Price Level, Inflation and Consumer Price Index

The Price Level and Inflation:

The Consumer Price Index:

The most regularly seen measure of overall price level is Consumer Price Index, or CPI. (Other measures of prices comprise, to name three, Producer Price Index of prices paid not by the consumers but by the corporations, economy-wide GDP deflator, and Domestic Purchases deflator.) The CPI is computed and accounted one time a month by ‘Bureau of Labor Statistics’. The CPI is expenditure weighted index, in that each merchandise or service gets a weight equivalent to its share in whole expenditure in the base year.

Using relative expenditure levels in a preset base year as weights in a price index generates produces a kind of index which economists name as Laspeyres index. The CPI is such a Laspeyres price index. Another category of index, a Paasche index, is in a sense which is opposite of a Laspeyres index. A Laspeyres index of production or consumption calculates the current dollar worth of what is consumed or produced, and divides by what the value of what is consumed or produced would have been if every commodity had sold for their prices in base year. The expenditure weights in a Paasche index are changeable: if expenditures on a individual good arise this year so it’s a large fraction of the current dollar value, then that good's weight in price index will rise also. The second most often seen index of price level, the GDP deflator, is a Paasche index.

In broad, a Laspeyres index overstates price raises. In the actual world, when some items become costly consumers substitute and instead buy other items which remain inexpensive. But a Laspeyres index, hence it is based on fixed bazaar basket of goods and services, doesn’t take account of this substitution. So it suffers from what economists call substitution bias, and have a tendency to overstate changes. A Paasche index, conversely, understates the raise in fruit costs. It computes the difference between price today of the fruit you purchased and their price back in base year. The Paasche index takes account of replacement. But it does not take account of fact that substituted items are less valued than items they substitute. The Paasche index accounts, for example of Box 2.5, where skyrocketing price of oranges hasn’t any effect on fruit prices: it doesn’t make any sense to say that a frost which makes oranges totally unaffordable has not any effect on price of fruit.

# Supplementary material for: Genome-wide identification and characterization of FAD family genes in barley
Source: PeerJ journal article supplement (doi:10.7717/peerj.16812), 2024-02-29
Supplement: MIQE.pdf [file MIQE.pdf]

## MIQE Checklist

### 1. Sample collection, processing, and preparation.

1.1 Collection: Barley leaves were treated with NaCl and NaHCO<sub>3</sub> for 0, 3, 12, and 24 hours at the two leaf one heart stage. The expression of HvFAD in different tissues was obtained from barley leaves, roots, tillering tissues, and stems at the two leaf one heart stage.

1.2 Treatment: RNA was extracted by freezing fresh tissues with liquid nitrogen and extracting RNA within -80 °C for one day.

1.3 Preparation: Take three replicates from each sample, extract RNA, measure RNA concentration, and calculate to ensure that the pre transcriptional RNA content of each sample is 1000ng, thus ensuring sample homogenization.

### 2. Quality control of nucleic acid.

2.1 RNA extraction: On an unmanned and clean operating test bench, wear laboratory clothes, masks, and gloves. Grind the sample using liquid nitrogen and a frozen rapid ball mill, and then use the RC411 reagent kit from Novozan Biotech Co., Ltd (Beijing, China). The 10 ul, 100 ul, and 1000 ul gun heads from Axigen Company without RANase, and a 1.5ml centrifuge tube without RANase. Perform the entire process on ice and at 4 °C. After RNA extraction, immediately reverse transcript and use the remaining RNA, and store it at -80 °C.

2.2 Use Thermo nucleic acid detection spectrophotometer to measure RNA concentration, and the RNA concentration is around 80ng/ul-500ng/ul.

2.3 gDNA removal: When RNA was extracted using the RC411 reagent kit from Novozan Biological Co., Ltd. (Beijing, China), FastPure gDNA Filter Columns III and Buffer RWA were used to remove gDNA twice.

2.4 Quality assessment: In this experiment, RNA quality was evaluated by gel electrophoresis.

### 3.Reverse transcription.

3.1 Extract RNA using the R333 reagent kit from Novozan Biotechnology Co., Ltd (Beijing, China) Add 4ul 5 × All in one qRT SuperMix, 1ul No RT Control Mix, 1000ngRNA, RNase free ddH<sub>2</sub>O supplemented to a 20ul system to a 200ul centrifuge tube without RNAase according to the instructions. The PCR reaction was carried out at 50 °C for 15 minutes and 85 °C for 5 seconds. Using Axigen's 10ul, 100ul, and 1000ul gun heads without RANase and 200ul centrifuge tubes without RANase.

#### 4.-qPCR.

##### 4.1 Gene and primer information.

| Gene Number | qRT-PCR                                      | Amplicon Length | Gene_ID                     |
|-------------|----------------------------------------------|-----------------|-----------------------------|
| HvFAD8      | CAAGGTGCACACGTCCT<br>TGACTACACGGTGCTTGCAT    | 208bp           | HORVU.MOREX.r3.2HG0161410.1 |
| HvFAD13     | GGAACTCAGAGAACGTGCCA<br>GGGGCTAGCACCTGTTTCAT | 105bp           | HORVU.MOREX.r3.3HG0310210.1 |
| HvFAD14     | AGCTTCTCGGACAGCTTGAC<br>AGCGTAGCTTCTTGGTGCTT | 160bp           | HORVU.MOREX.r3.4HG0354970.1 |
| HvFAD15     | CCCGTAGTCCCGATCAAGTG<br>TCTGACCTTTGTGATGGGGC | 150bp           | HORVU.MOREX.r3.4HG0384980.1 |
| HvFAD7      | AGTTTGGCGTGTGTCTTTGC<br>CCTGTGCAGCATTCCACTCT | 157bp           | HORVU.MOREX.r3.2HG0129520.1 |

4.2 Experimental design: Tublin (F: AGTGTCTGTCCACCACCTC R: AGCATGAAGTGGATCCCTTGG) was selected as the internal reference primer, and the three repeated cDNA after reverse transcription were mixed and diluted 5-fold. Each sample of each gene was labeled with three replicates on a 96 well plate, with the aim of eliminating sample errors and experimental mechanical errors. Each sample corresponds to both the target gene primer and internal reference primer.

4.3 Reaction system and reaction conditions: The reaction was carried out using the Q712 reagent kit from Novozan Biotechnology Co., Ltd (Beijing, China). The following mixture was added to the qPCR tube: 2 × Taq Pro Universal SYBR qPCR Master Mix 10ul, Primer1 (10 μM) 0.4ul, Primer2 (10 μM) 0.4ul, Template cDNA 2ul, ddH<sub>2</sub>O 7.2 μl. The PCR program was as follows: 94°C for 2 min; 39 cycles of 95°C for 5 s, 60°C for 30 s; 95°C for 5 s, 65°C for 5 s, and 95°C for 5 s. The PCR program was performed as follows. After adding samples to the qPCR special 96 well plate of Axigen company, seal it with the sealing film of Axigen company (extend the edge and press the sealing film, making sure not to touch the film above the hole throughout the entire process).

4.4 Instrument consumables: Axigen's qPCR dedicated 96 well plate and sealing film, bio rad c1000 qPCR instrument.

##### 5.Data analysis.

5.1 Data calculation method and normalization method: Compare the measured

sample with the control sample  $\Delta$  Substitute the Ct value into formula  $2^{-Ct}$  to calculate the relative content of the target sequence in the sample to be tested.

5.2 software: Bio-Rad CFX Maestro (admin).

So which one is the correct price index? The answer is that there is none. There is not any final and definitive resolution to this “index number problem.’ None of the price indices is perfect. All try to précis in a single number that is inherently a multi-dimensional reality of numerous prices changing in different directions and different proportions.

To strike a stability between the two types of indices and their two types of biases, the ‘Commerce Department's Bureau of Economic Analysis’ and the ‘Labor Department's Bureau of Labor Statistics’ have begun to approach hybrid indices. To decrease substitution bias, the ‘Bureau of Labor Statistics’ has started using geometric averages, Multiply two numbers together and calculate the square root, instead of arithmetic averages. And the ‘Bureau of Economic Analysis’ has started using a method called ‘chain weighting’ to construct its indexes.

The Inflation Rate

The CPI is reported one time a month in the form of percentage change in customer prices over the previous month. "Customer prices in November increased 0.3 percent above their stage in October," a newscaster would say. Ultimately, 12 monthly changes in customer prices over the course of year are added up and become that year's inflation rate. The newscaster would say "The consumer price inflation rate in 1999 was 2.7%."

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Figure: Different Measurements of Inflation in the U.S., 1960-2000

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